RIGAUD, Benoit Joseph André (re-go), Hay- tian soldier, b. in Les Caves, Hayti, in 17(il : d. there in 1811. He was a mulatto, and held a sub- ordinate command in the militia of the colony at the time of the revolution of 1789. At first he fought against the French, but he afterward es- poused their cause, was made a brigadier-general, and in 1798 became commander against the British. In association with Alexandra Petion (q. v.), he de- feated Dessalines at Grand Goave, took Jaemel. and defeated Toussaint L'Ouverture near that place; but. his resources being exhausted and his army reduced to a few hundred men. he abandoned the colony in Anim-l. 1MIO. and passed to France, where he lived in retirement. In 1810 he landed at Port au Prince, and was appointed by Petion commander of the Cayes; but he had scarcely ar- rived in the latter place when he proclaimed him- self dictator of the southern counties. Pet ion's advisers urged an expedition against the rebel, but the (.resident, being afraid of the popularity and military talents of his rival, acknowledged his in- dependence. Uigaud died a few months later after thoroughly organizing the administration of his republic. He was noteworthy for his magnanimity in contrast with the useless cruelties of the other Haytian chiefs.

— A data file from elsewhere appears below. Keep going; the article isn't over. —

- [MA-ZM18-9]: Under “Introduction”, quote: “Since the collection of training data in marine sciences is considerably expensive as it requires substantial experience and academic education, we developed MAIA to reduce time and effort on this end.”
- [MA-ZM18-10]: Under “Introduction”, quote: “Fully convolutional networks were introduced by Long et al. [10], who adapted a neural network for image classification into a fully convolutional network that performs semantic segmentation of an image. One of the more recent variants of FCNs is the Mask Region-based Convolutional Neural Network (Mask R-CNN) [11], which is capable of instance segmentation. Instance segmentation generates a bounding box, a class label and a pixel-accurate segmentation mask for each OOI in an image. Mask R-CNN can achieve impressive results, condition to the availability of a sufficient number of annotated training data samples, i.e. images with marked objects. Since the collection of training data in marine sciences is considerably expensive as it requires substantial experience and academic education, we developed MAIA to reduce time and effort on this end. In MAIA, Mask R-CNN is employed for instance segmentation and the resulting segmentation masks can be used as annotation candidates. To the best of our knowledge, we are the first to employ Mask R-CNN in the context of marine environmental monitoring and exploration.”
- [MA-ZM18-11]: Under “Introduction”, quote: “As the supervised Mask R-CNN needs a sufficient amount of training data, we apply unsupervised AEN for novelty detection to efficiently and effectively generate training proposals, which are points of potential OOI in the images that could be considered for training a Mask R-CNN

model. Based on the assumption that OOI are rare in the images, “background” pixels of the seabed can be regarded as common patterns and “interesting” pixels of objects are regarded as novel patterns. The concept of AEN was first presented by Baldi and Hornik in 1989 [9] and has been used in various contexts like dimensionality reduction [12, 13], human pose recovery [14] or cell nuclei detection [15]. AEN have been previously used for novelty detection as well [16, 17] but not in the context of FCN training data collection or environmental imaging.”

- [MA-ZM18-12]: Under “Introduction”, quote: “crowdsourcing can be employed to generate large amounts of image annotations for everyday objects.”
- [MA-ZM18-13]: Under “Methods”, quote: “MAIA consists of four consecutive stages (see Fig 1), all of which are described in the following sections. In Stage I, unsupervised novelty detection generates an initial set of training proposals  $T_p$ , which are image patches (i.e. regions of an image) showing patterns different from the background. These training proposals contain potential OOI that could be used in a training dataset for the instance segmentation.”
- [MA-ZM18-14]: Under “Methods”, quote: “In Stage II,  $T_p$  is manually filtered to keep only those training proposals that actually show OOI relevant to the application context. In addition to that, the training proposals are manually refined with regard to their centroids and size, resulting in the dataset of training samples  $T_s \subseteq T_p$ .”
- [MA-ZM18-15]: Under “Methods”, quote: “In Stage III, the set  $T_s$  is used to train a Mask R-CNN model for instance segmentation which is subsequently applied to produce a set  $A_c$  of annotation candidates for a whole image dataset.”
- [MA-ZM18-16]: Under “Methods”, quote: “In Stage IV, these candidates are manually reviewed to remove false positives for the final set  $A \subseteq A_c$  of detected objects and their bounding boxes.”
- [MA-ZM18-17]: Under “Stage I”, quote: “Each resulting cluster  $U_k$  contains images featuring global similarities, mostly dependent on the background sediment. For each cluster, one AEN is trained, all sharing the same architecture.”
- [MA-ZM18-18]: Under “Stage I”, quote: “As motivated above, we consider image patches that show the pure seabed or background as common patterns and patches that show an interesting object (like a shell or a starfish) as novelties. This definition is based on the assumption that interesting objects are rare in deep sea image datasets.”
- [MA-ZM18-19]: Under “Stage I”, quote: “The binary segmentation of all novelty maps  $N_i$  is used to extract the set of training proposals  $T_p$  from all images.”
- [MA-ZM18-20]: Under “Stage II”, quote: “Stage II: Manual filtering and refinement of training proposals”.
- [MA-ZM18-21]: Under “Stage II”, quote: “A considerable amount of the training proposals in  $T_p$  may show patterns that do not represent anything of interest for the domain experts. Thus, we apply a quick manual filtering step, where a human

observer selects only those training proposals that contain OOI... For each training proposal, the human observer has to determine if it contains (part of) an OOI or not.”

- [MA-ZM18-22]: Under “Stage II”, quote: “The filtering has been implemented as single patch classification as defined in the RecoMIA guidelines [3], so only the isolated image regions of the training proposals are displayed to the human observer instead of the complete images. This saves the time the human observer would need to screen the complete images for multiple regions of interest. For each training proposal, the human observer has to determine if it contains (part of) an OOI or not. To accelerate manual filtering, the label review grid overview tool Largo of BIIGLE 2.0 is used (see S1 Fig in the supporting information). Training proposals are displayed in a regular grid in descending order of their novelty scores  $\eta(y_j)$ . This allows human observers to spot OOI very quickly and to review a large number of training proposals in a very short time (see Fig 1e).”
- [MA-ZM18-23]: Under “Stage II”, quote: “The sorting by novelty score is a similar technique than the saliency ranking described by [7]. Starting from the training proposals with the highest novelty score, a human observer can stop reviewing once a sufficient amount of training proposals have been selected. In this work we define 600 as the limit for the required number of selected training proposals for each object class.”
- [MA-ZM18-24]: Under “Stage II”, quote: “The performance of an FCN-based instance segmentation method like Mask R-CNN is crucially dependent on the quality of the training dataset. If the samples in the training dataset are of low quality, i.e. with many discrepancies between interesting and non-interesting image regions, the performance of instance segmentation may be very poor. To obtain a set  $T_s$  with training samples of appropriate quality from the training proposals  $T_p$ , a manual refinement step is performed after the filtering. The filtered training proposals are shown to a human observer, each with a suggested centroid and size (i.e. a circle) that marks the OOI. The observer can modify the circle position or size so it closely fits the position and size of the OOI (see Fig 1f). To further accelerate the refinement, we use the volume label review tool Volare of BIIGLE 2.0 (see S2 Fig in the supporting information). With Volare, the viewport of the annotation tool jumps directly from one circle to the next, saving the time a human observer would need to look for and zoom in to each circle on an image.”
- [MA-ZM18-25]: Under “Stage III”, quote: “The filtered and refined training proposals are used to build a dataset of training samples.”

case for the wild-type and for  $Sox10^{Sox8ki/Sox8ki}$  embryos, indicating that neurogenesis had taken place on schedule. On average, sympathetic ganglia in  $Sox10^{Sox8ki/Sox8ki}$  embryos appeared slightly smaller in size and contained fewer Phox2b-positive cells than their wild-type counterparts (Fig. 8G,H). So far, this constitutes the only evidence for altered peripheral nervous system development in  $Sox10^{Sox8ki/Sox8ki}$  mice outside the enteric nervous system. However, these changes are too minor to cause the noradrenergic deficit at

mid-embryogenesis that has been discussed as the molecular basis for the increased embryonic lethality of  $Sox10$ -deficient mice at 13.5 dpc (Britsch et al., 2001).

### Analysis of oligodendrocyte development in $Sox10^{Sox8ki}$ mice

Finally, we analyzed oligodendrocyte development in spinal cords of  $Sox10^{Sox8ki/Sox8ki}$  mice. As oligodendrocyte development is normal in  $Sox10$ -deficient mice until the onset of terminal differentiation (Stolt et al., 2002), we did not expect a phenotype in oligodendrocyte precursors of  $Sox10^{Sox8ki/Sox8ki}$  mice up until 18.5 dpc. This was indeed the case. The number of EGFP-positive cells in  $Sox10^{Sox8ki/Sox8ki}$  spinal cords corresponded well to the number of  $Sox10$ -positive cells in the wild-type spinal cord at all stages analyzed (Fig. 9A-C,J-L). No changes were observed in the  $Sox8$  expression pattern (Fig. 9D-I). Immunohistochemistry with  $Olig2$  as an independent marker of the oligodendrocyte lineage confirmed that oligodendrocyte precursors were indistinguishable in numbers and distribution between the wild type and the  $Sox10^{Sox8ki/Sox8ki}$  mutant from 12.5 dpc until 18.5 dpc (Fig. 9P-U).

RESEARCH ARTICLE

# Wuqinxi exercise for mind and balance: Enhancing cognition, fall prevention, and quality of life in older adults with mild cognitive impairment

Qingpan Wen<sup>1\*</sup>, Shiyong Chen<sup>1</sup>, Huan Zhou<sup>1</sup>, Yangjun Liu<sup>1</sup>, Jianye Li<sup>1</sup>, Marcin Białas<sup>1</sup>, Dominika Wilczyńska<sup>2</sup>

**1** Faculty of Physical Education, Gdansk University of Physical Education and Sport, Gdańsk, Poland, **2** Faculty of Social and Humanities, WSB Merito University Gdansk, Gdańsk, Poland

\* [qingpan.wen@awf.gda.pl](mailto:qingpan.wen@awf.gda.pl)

RIGDON, Sidney, Mormon elder, b. in St. Clair township, Alleghany county, Pa., 19 Feb., 1793; d. in Friendship, N. Y., 14 July, 1876. He worked on a farm till 1817, and after some experience as a printer studied for the ministry, and was licensed to preach by the Baptist church on 1 April, 1819. In January, 1822, he became pastor of the first church in Pittsburg, Pa., where he labored successfully. Following the example of Alexander Campbell and Walter Scott, he withdrew from that church and assisted in establishing the Disciples, or Campbell denomination. He began preaching the new doctrine in Bainbridge, Ohio, in 1828, and a year later went to Mentor, where he was very successful. In the autumn of 1830 four Mormon elders, Parley P. Pratt, Ziba Peterson, Oliver Cowdery, and Peter Whitmer, on their way to Missouri, stopped at Mentor. Mr. Pratt, who had been a Baptist clergyman, obtained permission to preach